Chinese court protects NFTs by law

China's Hangzhou city court stipulates that NFTs are virtual private property by law

Regulaciones December 5
Juan Revelles

The Hangzhou City Court has been the first to declare NFTs as virtual private property. The Chinese government has taken another step towards the inclusion of the crypto ecosystem and web3 in its country with a new law regarding NFTs that its court has recently approved. With this initiative, it joins the rest of the countries, especially those in Asia, which have been advancing leaps and bounds in terms of regulation in recent months. 

In the article published by the court itself, it is stipulated that "the object has the characteristics of property rights such as value, scarcity, control, and interchangeability" and that "it belongs to the virtual property of the network" Therefore, "it should be protected by the laws of the country." Since Chinese laws do not stipulate the issue clearly, the city of Hangzhou has presented this law in court.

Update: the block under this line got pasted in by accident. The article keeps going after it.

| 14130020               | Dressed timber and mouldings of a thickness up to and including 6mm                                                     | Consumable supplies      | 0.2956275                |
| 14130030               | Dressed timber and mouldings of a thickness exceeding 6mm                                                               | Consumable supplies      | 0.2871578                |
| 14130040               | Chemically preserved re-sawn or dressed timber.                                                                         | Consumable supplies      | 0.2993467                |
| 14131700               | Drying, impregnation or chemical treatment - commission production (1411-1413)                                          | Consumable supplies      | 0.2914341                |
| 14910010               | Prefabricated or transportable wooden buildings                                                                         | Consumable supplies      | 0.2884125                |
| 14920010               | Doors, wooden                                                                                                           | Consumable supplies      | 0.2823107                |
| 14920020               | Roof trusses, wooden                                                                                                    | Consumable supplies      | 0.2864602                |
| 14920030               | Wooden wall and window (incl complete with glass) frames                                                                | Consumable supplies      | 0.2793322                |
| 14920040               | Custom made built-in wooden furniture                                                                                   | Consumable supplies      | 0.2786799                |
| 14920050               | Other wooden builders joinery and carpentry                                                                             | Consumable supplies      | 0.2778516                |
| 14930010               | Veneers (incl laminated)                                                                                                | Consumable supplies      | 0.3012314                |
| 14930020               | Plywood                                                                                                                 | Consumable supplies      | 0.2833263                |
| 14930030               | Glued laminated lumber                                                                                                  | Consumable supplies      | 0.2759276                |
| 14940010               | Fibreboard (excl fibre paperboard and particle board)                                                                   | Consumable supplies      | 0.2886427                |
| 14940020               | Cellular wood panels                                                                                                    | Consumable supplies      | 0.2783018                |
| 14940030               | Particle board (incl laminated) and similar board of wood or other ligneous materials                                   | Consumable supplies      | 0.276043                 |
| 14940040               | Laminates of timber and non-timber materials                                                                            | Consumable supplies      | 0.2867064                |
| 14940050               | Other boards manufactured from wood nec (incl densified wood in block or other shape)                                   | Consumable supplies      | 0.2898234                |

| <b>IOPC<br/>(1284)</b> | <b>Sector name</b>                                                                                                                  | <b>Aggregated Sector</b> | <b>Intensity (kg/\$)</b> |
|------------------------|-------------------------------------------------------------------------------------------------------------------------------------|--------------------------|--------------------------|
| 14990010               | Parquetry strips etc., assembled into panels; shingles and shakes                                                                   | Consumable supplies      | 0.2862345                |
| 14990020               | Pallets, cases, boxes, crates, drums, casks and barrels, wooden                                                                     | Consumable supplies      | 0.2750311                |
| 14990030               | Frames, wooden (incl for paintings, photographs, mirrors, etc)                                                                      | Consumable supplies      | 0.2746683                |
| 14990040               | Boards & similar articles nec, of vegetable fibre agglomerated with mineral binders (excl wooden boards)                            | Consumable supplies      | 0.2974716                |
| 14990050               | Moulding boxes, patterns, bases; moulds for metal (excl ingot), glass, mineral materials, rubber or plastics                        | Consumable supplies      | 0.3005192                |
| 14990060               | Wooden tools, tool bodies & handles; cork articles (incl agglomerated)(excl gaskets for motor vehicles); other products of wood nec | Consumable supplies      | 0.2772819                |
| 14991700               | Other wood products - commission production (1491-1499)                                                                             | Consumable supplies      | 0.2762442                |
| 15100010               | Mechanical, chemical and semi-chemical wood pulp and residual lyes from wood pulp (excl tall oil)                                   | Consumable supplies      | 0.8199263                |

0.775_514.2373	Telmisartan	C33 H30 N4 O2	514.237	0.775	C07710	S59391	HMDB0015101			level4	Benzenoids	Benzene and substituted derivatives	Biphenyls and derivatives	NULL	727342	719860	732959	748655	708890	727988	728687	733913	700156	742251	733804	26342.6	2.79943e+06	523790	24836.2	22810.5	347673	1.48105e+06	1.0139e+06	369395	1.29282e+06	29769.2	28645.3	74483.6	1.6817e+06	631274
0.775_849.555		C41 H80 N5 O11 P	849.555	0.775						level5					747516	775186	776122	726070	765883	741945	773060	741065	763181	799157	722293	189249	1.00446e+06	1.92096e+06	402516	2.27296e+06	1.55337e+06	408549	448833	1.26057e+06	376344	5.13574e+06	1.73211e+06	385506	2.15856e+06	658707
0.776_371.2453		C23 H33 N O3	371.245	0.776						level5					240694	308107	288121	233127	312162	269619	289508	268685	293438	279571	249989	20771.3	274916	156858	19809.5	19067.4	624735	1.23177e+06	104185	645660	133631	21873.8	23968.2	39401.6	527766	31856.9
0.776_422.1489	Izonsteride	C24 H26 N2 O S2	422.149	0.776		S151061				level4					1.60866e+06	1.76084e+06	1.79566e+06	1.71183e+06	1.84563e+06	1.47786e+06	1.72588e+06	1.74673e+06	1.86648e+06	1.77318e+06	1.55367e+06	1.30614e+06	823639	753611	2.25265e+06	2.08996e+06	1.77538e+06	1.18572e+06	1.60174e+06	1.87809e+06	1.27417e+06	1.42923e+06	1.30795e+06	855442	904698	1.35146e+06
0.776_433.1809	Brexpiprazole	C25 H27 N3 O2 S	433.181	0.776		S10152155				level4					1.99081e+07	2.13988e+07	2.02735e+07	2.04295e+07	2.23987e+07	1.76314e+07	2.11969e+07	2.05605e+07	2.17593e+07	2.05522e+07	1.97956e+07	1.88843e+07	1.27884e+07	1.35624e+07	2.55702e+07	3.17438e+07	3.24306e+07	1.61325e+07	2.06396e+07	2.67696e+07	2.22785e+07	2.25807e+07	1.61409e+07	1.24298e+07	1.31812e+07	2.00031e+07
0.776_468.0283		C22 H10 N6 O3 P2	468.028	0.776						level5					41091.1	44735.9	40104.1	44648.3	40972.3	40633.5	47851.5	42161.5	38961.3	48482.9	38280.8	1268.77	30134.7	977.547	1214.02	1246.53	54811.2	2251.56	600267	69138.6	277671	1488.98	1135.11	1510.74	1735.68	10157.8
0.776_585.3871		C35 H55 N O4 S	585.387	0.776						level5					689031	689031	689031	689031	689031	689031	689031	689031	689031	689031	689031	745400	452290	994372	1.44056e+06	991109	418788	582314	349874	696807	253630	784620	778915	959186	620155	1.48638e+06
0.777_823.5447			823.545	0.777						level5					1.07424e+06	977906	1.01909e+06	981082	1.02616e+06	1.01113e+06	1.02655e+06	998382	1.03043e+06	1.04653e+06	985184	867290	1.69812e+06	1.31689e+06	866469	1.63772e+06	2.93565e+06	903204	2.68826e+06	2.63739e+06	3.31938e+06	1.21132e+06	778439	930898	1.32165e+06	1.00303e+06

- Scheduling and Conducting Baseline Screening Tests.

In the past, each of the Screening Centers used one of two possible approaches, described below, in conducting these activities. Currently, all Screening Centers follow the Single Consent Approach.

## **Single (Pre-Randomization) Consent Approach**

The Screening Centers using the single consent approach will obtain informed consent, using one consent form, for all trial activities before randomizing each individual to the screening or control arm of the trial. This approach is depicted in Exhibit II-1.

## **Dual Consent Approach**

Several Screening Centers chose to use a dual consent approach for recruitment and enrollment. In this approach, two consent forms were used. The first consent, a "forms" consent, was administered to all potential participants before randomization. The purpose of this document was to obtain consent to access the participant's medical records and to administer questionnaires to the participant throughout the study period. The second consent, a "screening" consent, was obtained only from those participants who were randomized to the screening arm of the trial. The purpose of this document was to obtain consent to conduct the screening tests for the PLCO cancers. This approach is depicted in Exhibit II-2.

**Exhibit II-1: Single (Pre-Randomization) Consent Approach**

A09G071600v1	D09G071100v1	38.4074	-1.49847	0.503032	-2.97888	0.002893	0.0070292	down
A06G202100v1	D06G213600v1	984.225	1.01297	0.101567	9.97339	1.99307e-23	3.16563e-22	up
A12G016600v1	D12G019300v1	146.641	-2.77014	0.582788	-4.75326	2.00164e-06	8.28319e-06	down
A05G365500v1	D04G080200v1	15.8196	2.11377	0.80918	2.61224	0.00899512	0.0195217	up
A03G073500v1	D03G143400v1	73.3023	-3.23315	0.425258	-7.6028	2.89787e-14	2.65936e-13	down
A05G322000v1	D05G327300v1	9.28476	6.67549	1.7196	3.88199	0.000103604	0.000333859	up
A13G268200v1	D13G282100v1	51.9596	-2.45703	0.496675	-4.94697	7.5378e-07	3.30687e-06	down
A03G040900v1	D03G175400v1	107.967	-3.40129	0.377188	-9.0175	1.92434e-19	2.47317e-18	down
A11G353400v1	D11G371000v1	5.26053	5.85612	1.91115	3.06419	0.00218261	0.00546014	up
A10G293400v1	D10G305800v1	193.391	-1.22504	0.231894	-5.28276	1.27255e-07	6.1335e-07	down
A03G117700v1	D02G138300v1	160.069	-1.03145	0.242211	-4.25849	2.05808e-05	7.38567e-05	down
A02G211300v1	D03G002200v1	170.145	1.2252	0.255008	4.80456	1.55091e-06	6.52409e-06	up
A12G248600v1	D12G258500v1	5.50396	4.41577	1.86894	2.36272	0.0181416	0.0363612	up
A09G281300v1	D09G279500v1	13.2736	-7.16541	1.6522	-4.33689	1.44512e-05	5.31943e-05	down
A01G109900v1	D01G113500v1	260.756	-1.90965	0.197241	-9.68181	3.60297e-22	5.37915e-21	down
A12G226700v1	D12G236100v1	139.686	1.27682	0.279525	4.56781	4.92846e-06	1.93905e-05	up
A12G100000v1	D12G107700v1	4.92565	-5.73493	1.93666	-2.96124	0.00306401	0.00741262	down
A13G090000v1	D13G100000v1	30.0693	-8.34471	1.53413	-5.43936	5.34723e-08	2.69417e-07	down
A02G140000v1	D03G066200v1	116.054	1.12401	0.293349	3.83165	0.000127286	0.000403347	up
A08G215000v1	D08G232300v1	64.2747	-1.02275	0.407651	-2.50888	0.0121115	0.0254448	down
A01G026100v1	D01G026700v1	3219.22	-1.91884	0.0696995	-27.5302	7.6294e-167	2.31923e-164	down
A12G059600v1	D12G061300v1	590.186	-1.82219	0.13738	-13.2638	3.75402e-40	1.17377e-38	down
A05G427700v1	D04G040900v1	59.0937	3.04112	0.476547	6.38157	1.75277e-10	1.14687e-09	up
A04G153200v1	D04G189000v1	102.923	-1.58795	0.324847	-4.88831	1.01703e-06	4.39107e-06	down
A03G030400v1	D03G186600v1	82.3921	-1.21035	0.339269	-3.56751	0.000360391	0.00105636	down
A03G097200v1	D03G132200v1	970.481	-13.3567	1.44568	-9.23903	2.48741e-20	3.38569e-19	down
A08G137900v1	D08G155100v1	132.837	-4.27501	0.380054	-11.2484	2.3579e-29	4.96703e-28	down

The court believes that NFTs combine the original expression of the creator and this gives it value as copyright. Therefore, they consider that NFTs are unique digital pieces established on the blockchain and its mechanisms. 

For this reason, NFTs must now be considered virtual property and in the event of carrying out transactions with them, they will be considered as internet digital assets and will have the same treatment as transactions carried out in e-commerce, and will be under the regulation stipulated by the E-commerce law. 

This is just another step in the advances that many Asian countries are taking toward adoption. Just last May, Shanghai also stipulated that Bitcoin would be subject to virtual property rights. 

More and more countries are advancing in the regulation of the crypto and web3 ecosystem. Nobody wants to be left behind. 

Related

FTX warns its clients about recent scams

The exchange warns its users about the dangers of a scam that promises to return to victims the funds lost due to the collapse of the exchange.

Exchanges & Wallets
3’